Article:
USB A 3.1 has in total 9 pins.

USB C 3.1 has in total 24 pins.

So how are cables like USB A to USB C built? Which of the 9 pins from USB A goes to the equivalent 9 pints in USB C?

USB A 3.1 also supports 10gbps, how is this possible with fewer pins than USB C 3.1?


Like USB 3.0, USB 3.1 uses one legacy USB 2.0 differential pair, and two SuperSpeed differential pairs (for a total of 6 pins), plus pins for power and ground. Wikipedia has the pinout details.

USB C for USB 3.0/3.1 was made to work no matter which way you plug it in, so it uses roughly half the available pins, plus two pins to select which ones. Wikipedia as the USB 3.0/3.1/3.2 mode assignments, as well as the pinout.

From that, it should become clear which pins are connected to which, which play a special role, and why not all USB C pins are used.

The difference in speed between USB 3.1 and USB 3.0 is because USB 3.1 allows an additional encoding scheme over the same two SuperSpeed pairs, which increases the signal rate. Again Wikipedia has details.

And you didn't ask, but USB 3.2 can also use all four differential SuperSpeed pairs of USB C connectors over an USB C cable, which is why it can achieve greater throughput using such a cable. Again Wikipedia has details.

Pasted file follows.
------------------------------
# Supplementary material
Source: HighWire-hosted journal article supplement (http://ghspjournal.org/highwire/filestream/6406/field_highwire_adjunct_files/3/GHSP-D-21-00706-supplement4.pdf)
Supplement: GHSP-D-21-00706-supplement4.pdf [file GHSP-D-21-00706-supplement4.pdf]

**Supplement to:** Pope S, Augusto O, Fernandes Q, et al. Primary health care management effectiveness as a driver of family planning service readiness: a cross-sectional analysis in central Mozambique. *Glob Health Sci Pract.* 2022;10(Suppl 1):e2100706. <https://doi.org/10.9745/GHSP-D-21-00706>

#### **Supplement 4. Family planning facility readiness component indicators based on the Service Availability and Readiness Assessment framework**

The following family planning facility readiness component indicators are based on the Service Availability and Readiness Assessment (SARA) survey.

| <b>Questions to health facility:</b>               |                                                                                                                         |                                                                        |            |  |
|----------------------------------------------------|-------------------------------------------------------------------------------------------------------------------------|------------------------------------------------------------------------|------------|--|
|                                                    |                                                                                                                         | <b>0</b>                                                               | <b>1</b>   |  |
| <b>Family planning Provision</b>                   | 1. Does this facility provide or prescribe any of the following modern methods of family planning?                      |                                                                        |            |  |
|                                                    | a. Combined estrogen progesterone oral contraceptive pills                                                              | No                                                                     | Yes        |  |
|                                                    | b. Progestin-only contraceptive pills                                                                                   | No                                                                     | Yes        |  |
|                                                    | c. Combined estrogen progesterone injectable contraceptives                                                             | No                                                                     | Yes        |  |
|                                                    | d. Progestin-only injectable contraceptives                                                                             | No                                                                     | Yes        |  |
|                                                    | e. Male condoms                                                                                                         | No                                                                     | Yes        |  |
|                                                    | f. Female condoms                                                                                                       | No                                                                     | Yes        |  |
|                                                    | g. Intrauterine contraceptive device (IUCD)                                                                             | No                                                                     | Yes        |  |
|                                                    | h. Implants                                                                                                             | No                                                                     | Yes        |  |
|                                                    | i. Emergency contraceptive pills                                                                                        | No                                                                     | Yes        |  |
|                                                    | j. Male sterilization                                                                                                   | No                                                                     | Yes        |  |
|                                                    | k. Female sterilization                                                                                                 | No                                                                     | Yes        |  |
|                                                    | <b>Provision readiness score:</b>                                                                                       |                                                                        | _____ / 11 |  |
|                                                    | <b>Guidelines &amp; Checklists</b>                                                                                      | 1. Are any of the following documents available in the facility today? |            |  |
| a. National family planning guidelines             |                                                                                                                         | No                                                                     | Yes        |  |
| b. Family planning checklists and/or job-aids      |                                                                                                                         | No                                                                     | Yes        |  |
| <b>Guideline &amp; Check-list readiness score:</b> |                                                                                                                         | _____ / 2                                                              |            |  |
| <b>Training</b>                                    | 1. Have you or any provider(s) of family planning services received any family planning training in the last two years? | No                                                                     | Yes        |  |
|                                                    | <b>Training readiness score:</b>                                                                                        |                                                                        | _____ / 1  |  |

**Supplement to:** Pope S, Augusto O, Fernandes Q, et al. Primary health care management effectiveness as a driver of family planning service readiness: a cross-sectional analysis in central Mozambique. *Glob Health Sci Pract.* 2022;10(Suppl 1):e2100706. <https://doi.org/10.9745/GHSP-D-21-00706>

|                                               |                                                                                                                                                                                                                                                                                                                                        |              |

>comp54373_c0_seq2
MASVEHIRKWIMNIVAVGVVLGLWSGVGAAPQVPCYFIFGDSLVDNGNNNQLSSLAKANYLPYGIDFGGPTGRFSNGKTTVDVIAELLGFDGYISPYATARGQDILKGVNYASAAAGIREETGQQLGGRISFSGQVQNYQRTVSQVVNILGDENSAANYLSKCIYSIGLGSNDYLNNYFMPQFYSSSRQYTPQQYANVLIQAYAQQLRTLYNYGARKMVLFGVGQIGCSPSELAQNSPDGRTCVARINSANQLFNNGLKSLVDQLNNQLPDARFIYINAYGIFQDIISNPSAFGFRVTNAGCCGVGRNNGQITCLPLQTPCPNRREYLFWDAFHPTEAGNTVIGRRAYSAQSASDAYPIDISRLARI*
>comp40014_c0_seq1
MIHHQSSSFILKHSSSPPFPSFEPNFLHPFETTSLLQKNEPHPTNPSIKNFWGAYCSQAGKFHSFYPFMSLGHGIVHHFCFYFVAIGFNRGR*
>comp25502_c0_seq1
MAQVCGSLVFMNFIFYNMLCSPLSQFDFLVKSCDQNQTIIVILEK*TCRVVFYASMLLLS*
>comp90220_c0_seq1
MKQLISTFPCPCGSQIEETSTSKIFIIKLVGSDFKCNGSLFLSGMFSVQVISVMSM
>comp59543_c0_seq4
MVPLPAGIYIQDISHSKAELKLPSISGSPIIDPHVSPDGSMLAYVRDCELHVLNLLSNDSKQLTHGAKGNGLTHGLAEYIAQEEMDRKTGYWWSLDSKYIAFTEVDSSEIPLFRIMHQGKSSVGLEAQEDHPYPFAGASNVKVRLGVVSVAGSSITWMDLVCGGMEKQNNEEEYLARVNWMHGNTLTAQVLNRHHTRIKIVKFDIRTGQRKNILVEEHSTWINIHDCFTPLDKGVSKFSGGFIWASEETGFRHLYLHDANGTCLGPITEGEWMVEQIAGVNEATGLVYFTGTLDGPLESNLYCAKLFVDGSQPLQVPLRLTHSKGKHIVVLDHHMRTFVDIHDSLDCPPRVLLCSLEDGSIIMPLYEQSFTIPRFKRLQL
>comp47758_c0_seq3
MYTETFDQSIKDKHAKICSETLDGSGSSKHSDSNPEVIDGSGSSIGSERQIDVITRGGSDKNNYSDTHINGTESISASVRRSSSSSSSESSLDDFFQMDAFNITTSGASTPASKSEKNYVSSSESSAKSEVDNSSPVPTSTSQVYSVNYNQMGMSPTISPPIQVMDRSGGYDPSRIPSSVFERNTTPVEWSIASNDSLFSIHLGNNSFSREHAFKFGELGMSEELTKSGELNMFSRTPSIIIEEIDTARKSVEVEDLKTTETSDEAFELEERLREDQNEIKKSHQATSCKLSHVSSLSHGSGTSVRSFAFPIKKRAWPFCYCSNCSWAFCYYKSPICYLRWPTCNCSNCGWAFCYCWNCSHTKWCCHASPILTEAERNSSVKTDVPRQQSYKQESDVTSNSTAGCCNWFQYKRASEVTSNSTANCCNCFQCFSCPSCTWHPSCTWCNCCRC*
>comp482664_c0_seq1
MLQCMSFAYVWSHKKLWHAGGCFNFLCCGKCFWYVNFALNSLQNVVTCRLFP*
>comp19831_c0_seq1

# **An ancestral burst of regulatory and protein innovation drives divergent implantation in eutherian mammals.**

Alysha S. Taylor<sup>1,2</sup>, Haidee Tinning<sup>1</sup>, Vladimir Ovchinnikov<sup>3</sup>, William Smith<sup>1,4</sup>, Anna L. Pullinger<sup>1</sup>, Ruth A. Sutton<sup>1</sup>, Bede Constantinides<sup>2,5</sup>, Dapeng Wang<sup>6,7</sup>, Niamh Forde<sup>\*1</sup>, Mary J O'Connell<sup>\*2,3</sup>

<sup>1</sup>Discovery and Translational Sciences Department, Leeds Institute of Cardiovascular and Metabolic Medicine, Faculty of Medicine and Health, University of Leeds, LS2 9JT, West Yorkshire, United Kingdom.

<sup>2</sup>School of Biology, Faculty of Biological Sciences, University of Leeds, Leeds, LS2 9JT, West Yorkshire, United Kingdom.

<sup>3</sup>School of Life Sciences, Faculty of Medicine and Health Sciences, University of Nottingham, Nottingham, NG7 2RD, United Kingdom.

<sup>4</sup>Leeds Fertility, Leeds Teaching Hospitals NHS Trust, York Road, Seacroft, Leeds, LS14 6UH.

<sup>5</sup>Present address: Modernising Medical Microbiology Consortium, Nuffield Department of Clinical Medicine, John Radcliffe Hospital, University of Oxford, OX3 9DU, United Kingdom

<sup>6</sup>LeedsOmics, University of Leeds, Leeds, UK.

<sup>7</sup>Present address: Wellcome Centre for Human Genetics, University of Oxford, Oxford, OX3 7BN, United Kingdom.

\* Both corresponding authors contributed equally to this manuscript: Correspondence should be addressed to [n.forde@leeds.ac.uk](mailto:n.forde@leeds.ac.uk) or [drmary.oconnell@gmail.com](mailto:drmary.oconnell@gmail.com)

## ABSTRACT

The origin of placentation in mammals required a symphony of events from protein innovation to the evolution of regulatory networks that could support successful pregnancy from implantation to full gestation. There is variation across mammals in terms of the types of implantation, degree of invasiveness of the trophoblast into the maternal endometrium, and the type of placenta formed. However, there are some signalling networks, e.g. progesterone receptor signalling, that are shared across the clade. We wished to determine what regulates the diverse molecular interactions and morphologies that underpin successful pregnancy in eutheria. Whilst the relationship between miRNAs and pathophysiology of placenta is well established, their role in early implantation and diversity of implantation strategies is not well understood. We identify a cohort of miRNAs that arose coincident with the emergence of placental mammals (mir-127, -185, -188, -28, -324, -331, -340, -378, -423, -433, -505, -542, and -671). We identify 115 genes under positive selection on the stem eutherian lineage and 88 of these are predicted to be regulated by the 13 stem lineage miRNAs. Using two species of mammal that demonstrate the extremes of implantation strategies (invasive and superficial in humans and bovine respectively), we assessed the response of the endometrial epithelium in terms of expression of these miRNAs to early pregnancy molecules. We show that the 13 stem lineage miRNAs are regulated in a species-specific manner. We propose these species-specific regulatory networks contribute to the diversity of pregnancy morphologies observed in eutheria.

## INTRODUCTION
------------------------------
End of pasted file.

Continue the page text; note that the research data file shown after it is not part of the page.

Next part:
• You beat me to it. So I'll just add a couple of points. In addition to extra pins for reversibility, USB C has some other intended uses, and additional pins for those uses. Not all of the pins get used for each application. Also, USB C is a smart connector with an embedded chip. So you can't create a simple A to C cable by just connecting the right pins, at least if the C connector is going to function as intended. – fixer1234 Jan 9 '19 at 11:56
  • You might clarify if you mean USB 3.1 Gen 1 or USB 3.1 Gen 2 when you refer to "USB 3", "USB 3.1". – Ramhound Jan 9 '19 at 12:50

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